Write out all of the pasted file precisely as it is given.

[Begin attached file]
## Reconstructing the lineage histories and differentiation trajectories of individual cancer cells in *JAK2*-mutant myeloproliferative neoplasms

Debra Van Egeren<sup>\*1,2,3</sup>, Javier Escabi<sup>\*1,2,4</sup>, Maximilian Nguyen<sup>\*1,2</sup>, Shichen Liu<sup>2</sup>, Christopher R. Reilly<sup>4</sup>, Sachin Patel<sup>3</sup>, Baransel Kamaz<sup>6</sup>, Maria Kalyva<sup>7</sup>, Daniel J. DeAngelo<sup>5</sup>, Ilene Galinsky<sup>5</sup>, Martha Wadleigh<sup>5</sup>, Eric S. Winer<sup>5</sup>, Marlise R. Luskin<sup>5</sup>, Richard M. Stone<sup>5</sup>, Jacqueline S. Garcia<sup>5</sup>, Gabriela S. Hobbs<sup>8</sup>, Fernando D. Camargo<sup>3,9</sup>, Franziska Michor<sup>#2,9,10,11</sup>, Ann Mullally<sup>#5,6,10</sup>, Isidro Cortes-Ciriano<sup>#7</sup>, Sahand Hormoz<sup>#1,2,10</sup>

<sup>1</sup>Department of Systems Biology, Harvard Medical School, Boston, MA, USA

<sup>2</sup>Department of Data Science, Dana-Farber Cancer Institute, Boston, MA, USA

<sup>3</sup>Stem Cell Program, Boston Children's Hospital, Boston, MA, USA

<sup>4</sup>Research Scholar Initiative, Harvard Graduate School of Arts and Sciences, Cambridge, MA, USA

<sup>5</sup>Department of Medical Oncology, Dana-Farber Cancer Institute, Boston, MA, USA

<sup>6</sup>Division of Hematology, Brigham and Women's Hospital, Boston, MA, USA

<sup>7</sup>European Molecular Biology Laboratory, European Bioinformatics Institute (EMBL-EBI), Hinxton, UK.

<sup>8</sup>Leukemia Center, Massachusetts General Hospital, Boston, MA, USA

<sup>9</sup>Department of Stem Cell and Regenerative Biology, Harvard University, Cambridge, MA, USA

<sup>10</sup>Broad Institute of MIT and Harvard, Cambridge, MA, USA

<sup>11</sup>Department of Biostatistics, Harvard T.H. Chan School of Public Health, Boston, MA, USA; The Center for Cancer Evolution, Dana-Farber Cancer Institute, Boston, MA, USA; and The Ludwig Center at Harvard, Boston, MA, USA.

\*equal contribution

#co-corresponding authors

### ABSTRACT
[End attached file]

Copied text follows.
## Reconstructing the lineage histories and differentiation trajectories of individual cancer cells in *JAK2*-mutant myeloproliferative neoplasms

Debra Van Egeren<sup>\*1,2,3</sup>, Javier Escabi<sup>\*1,2,4</sup>, Maximilian Nguyen<sup>\*1,2</sup>, Shichen Liu<sup>2</sup>, Christopher R. Reilly<sup>4</sup>, Sachin Patel<sup>3</sup>, Baransel Kamaz<sup>6</sup>, Maria Kalyva<sup>7</sup>, Daniel J. DeAngelo<sup>5</sup>, Ilene Galinsky<sup>5</sup>, Martha Wadleigh<sup>5</sup>, Eric S. Winer<sup>5</sup>, Marlise R. Luskin<sup>5</sup>, Richard M. Stone<sup>5</sup>, Jacqueline S. Garcia<sup>5</sup>, Gabriela S. Hobbs<sup>8</sup>, Fernando D. Camargo<sup>3,9</sup>, Franziska Michor<sup>#2,9,10,11</sup>, Ann Mullally<sup>#5,6,10</sup>, Isidro Cortes-Ciriano<sup>#7</sup>, Sahand Hormoz<sup>#1,2,10</sup>

<sup>1</sup>Department of Systems Biology, Harvard Medical School, Boston, MA, USA

<sup>2</sup>Department of Data Science, Dana-Farber Cancer Institute, Boston, MA, USA

<sup>3</sup>Stem Cell Program, Boston Children's Hospital, Boston, MA, USA

<sup>4</sup>Research Scholar Initiative, Harvard Graduate School of Arts and Sciences, Cambridge, MA, USA

<sup>5</sup>Department of Medical Oncology, Dana-Farber Cancer Institute, Boston, MA, USA

<sup>6</sup>Division of Hematology, Brigham and Women's Hospital, Boston, MA, USA

<sup>7</sup>European Molecular Biology Laboratory, European Bioinformatics Institute (EMBL-EBI), Hinxton, UK.

<sup>8</sup>Leukemia Center, Massachusetts General Hospital, Boston, MA, USA

<sup>9</sup>Department of Stem Cell and Regenerative Biology, Harvard University, Cambridge, MA, USA

<sup>10</sup>Broad Institute of MIT and Harvard, Cambridge, MA, USA

<sup>11</sup>Department of Biostatistics, Harvard T.H. Chan School of Public Health, Boston, MA, USA; The Center for Cancer Evolution, Dana-Farber Cancer Institute, Boston, MA, USA; and The Ludwig Center at Harvard, Boston, MA, USA.

\*equal contribution

#co-corresponding authors

### ABSTRACT